Starting out with SharePoint Online is as simple as a few clicks and signing up for a free 30 day trial. You need a Microsoft Passport account, but that's really it as far as prerequisites go. You actually have to sign up to Office365, which gives you much more besides just SharePoint -- Outlook, Office Web Apps and Lync to name but a few. The overall package is impressive and hangs together very well.
SharePoint Online is now basically on a par, functionally, with the locally installed versions. Historically it lagged a little behind, but a significant update in November of last year pretty much gave it parity. The most significant new addition was business connectivity services, supporting external lists and data columns. This feature allows SharePoint to easily interface with externally hosted data sources.
So setup is a lot easier, and the product behaves in a very similar way to SharePoint Foundation. What are the downsides? They boil down to two things: the cloud element and the cost. Starting with the latter, SharePoint Online is a subscription service, and your free trial won’t last very long. The tariffs, and there are several, are very reasonable. But you will be paying a monthly fee per user for the duration of your usage.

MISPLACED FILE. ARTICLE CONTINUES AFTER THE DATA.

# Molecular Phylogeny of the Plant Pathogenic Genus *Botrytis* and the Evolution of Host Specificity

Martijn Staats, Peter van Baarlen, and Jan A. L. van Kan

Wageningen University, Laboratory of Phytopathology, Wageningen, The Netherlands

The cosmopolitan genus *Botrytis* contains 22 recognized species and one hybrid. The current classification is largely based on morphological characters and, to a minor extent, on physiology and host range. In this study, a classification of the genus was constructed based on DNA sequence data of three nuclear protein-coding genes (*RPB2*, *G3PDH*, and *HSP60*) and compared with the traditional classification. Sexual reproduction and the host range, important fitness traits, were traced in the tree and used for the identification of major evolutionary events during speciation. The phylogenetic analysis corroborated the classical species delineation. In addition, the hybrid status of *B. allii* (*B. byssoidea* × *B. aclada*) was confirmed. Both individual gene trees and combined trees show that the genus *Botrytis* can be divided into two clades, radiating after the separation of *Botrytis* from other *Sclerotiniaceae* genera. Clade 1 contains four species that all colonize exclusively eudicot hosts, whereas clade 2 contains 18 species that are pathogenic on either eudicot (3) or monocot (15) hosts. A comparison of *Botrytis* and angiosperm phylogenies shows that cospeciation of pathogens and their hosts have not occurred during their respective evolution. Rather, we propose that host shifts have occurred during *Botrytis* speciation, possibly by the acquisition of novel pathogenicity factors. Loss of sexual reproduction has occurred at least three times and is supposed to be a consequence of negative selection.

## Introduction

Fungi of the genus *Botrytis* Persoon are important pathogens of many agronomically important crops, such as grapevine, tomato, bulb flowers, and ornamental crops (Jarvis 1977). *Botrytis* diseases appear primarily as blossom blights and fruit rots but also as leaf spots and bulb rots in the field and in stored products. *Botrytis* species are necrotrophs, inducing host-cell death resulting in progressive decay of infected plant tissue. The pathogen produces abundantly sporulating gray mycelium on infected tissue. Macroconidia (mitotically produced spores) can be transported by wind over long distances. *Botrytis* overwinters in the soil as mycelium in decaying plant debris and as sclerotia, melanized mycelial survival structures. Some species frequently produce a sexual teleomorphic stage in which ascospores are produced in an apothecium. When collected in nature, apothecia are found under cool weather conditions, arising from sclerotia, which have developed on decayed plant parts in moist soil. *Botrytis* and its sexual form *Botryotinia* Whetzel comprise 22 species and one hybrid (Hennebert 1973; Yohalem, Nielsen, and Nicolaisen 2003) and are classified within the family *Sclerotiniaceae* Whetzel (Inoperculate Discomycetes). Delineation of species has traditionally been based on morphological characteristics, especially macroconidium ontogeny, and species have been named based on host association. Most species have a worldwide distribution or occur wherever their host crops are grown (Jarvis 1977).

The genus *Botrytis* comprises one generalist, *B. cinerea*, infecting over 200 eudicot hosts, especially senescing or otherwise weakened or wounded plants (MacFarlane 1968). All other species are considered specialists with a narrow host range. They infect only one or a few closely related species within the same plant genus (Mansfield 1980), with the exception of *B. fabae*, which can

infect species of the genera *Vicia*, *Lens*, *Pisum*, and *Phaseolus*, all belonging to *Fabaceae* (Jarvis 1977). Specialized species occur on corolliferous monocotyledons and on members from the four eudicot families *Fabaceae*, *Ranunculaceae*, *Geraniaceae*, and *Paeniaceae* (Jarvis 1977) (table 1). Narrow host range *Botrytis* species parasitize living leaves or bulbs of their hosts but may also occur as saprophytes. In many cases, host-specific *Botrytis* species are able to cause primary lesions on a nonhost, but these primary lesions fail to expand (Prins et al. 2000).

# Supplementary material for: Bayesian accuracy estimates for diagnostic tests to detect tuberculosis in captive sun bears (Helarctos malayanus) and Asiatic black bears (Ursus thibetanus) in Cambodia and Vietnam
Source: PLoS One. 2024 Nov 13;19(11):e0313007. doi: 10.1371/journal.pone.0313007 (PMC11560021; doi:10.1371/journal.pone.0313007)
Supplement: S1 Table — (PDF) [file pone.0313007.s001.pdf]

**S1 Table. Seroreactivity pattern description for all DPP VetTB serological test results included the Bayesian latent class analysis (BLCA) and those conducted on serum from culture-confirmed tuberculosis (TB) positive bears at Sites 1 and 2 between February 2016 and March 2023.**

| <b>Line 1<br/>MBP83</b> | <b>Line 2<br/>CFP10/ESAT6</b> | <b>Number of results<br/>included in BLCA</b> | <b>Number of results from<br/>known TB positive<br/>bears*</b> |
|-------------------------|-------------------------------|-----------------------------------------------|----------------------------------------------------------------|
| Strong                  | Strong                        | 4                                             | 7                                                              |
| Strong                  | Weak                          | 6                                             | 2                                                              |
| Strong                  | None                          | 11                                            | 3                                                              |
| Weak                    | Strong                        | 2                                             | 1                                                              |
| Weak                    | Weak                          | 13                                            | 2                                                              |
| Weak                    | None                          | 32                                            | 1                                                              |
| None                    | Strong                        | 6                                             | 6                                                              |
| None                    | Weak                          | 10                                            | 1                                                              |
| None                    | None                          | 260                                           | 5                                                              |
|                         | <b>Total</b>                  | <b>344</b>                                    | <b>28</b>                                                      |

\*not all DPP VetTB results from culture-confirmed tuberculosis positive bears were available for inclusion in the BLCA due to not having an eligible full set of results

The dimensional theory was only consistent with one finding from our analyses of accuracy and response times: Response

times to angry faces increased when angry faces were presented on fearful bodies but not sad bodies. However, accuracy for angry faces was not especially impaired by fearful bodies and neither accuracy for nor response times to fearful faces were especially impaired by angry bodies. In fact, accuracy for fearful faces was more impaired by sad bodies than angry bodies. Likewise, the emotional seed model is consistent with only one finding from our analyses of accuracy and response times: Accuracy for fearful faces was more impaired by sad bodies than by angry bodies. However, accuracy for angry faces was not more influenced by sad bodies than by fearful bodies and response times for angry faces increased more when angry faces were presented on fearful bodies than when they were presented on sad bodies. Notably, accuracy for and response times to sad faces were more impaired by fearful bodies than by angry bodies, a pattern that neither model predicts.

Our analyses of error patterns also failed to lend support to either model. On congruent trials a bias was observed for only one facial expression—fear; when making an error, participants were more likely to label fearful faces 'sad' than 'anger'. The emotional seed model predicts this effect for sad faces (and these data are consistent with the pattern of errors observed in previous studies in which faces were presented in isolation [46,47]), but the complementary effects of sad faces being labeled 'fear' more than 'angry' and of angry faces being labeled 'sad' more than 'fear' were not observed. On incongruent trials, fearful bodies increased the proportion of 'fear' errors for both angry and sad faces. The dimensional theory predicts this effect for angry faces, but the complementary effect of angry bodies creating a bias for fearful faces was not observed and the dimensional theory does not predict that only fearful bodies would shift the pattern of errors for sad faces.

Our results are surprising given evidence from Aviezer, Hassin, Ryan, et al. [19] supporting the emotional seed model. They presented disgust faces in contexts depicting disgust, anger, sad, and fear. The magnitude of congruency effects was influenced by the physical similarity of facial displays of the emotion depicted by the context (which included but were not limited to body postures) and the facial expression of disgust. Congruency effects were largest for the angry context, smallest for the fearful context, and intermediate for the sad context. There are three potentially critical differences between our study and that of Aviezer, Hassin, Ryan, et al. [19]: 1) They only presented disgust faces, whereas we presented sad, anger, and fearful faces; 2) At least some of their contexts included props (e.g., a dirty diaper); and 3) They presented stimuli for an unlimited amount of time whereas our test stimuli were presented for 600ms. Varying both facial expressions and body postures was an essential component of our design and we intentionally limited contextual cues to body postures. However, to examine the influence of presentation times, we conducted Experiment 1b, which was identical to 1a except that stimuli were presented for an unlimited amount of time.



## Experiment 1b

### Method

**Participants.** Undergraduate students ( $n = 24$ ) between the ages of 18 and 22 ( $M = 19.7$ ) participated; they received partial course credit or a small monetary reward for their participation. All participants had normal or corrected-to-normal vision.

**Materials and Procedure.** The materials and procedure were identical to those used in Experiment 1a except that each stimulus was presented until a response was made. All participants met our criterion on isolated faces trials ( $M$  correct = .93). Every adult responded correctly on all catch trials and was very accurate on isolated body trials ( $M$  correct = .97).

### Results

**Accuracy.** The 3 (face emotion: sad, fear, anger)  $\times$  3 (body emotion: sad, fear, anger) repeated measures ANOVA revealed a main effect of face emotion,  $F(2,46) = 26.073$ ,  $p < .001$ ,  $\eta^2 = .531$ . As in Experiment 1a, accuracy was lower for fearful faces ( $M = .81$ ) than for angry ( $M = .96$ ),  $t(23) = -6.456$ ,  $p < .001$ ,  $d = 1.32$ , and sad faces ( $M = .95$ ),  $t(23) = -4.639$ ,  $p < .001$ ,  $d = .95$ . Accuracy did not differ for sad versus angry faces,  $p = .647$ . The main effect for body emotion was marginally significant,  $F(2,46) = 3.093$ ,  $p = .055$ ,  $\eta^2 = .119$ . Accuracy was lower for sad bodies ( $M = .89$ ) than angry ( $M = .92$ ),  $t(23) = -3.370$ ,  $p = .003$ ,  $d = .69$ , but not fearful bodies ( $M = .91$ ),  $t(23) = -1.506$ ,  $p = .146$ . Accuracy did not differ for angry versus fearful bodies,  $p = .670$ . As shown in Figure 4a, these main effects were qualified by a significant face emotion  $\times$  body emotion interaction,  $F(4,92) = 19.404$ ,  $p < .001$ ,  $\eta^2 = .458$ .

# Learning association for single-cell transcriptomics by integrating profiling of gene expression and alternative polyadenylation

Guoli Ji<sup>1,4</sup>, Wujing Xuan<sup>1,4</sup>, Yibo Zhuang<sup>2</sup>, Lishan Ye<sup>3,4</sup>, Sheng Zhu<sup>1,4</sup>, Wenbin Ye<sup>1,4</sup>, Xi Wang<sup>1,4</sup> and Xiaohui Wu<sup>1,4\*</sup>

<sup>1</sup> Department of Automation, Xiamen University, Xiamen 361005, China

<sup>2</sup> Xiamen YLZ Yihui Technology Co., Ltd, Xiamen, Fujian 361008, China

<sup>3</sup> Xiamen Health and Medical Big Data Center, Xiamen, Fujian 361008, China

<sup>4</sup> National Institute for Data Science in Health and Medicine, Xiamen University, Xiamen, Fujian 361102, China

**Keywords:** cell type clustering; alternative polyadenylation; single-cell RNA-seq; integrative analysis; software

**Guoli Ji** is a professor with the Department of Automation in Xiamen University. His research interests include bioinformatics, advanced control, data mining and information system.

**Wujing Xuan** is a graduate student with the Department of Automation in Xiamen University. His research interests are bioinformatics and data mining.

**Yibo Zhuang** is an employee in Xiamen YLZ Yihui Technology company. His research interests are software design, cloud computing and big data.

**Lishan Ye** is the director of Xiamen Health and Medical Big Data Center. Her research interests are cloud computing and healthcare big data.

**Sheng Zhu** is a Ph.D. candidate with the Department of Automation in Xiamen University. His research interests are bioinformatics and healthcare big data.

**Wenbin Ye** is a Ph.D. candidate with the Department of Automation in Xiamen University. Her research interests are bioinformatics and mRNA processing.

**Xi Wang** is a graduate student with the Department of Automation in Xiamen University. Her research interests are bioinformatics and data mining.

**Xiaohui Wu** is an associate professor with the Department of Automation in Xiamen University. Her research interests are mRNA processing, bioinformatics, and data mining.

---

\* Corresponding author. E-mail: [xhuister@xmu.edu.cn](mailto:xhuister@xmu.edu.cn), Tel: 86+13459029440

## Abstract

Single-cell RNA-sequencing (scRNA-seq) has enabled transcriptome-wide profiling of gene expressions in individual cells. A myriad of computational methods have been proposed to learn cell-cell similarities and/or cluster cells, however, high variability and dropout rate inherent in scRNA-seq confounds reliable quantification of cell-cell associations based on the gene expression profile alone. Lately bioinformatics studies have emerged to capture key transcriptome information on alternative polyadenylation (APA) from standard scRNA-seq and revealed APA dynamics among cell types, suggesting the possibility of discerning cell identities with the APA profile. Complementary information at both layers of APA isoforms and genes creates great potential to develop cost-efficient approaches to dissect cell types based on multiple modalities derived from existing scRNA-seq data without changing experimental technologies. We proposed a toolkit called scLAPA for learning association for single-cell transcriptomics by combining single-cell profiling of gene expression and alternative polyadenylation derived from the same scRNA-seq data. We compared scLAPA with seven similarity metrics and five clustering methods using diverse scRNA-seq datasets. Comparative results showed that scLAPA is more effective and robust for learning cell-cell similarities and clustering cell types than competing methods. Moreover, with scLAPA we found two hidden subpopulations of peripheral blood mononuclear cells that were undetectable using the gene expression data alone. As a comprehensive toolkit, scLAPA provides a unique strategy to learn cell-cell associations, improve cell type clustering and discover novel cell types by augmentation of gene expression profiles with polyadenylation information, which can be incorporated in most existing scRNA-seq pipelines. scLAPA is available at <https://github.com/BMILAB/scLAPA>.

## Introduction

Second, and more significantly, this is (of course) a cloud product. Your content and data is stored by Microsoft, under the jurisdiction and laws of wherever that particular data center is located. This isn’t an issue for everyone, but is a consideration for some larger clients, or those with particularly sensitive data.
In summary, once you are up and running with both products they feel very similar to each other. Microsoft has done a great job with SharePoint Online and it really does hold its own with the locally installed versions of the product.
However SharePoint Online, and Office365, win hands down for the speed with which you can be up and running. If you have never used SharePoint before, this is surely the best way to start. Assuming 30 days is long enough for you to conduct your tests, you can get a real feel for how the platform works.
Lawrie Siteman, a director at Microsoft Gold Competency Partner Program Framework, thinks SharePoint Online will be the product to help drive even more customers to the platform in the future:
SharePoint Online is now a very stable mature product, and its future is bright. Whilst we still see customers who aren’t ready to move to the Cloud, we feel that Office365 will see greater and greater penetration in the enterprise market as 2012 progresses.”
It isn’t completely one sided though. If your organization has concerns over the Cloud model, or you want to trial the installation and configuration process, SharePoint Foundation still has an important role to play. But generally speaking, look at SharePoint Online if you need to see what all the fuss is about.